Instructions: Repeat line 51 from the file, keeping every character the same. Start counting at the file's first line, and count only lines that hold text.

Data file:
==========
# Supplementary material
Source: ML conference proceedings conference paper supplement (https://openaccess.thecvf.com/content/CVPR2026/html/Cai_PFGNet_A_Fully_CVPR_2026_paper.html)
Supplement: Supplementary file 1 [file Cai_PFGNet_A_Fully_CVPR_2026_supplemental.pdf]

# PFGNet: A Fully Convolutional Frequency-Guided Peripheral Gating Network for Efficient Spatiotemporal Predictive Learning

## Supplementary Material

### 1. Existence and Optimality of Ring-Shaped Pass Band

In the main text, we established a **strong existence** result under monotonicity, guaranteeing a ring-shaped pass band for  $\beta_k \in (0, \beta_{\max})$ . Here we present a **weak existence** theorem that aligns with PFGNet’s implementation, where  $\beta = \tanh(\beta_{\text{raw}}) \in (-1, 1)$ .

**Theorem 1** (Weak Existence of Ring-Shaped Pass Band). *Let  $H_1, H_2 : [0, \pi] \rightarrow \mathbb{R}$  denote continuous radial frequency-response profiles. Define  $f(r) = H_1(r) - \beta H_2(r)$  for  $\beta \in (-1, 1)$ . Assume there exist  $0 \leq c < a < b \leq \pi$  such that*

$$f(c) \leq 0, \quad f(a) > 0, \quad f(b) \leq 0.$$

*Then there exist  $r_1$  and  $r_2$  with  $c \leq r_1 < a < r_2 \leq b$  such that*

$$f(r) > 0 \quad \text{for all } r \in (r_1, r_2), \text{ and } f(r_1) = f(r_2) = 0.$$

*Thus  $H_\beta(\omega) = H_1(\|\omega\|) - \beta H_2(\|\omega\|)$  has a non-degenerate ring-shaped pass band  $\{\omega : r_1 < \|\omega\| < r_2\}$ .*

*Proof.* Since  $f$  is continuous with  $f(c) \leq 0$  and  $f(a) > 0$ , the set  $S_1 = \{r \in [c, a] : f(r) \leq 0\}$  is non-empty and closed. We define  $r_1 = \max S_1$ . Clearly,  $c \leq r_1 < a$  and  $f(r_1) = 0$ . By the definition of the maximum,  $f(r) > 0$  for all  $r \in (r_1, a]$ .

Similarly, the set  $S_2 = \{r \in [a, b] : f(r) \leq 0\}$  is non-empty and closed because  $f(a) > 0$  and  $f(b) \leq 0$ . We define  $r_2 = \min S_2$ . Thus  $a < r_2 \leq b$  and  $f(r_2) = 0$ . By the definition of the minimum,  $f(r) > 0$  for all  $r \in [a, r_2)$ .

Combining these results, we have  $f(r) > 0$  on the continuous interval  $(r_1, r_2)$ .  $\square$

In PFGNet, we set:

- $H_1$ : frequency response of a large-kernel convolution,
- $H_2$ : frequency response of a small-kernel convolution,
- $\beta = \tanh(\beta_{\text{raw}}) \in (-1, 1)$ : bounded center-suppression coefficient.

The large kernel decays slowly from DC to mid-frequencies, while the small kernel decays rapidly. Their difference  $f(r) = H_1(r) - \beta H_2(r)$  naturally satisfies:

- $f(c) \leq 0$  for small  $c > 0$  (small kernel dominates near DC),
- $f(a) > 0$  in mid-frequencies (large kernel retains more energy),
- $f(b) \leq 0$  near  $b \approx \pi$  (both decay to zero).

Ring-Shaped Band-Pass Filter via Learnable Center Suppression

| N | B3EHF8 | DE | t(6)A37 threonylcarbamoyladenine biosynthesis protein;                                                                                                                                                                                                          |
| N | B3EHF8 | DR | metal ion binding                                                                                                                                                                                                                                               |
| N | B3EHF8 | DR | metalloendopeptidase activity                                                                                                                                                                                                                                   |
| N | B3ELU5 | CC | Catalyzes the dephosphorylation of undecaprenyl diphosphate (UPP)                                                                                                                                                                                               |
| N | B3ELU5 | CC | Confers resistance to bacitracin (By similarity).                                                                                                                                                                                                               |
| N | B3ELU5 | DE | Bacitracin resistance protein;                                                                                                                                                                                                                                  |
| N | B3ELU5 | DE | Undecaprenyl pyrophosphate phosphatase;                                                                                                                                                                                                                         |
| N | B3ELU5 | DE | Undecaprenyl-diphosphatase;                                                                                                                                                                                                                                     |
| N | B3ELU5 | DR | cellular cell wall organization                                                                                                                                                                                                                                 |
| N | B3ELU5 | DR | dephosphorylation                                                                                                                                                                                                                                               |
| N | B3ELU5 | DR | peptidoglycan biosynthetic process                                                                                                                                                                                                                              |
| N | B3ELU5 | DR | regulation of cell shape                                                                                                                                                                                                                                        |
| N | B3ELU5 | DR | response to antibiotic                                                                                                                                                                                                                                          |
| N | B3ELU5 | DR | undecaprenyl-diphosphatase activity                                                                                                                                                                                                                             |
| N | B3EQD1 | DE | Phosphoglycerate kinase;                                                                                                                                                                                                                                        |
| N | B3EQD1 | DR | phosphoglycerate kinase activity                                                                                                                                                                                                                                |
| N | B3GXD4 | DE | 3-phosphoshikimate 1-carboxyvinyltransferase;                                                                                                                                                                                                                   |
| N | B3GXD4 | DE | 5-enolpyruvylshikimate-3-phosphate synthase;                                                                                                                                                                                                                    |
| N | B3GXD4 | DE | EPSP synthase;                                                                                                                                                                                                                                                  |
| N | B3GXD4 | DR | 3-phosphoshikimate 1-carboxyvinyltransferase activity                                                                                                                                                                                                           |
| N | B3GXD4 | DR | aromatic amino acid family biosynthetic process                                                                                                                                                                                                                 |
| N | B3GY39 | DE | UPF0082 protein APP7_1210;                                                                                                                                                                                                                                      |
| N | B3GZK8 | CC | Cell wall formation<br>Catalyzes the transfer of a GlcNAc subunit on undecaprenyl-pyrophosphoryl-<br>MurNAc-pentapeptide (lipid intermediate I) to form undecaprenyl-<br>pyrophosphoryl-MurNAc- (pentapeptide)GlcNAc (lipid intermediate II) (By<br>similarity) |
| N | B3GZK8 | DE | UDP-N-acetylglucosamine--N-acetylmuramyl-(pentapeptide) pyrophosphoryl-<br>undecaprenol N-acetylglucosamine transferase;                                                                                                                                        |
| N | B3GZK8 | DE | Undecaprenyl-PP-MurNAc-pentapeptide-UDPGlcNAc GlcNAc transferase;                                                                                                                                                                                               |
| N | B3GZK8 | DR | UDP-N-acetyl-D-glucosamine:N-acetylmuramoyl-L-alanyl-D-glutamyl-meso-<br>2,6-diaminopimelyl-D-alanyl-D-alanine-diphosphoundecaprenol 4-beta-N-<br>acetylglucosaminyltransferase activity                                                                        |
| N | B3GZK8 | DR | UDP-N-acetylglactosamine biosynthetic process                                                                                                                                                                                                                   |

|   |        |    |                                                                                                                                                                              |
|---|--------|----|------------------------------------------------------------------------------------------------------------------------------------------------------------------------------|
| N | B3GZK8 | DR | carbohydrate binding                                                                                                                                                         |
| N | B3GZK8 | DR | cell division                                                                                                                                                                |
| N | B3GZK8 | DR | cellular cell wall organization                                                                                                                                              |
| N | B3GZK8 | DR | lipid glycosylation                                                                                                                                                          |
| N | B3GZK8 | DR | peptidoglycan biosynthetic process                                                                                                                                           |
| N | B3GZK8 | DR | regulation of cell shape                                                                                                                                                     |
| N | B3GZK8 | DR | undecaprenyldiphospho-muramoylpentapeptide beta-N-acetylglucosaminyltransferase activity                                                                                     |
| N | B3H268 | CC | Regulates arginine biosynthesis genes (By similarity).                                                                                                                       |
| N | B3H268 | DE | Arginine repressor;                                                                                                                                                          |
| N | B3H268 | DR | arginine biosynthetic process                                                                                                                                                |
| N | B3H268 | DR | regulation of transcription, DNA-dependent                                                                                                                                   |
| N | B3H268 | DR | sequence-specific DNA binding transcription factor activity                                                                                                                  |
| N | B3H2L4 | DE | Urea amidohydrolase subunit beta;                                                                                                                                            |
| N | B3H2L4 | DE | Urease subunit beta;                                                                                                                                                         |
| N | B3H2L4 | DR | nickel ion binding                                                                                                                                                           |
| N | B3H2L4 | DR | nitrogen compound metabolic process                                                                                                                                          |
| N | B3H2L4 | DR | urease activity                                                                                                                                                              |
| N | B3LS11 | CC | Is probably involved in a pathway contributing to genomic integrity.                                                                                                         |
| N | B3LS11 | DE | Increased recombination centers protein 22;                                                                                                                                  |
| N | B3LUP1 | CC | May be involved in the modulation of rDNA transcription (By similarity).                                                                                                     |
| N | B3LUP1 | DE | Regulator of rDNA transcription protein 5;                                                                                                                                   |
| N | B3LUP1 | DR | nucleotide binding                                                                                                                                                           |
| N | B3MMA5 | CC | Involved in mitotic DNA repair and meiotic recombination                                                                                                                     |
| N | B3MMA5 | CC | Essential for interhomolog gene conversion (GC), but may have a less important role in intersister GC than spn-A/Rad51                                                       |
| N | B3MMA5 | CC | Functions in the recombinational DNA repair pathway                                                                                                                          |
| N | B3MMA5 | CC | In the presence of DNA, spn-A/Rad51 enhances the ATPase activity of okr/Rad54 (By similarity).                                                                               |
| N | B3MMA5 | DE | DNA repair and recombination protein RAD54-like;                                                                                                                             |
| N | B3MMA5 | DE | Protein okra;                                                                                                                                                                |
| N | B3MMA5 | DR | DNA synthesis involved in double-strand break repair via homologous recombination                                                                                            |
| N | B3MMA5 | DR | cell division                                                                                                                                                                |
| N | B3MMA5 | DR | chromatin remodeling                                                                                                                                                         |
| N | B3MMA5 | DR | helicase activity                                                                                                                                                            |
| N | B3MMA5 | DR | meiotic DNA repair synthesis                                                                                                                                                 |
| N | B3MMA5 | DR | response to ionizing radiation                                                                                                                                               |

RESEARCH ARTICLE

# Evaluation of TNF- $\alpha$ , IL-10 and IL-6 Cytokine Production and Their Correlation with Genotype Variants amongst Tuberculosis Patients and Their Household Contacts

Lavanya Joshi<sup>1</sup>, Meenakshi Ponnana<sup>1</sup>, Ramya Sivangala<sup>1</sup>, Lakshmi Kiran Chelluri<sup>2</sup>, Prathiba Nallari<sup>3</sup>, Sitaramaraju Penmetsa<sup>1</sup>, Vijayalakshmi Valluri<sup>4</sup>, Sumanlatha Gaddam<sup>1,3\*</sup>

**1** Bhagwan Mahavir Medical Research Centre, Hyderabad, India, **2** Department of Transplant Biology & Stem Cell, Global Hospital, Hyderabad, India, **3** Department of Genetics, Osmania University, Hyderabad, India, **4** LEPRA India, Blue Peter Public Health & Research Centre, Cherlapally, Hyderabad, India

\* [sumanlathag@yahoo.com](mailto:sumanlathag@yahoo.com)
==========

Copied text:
| N | B3GZK8 | DR | UDP-N-acetylglactosamine biosynthetic process                                                                                                                                                                                                                   |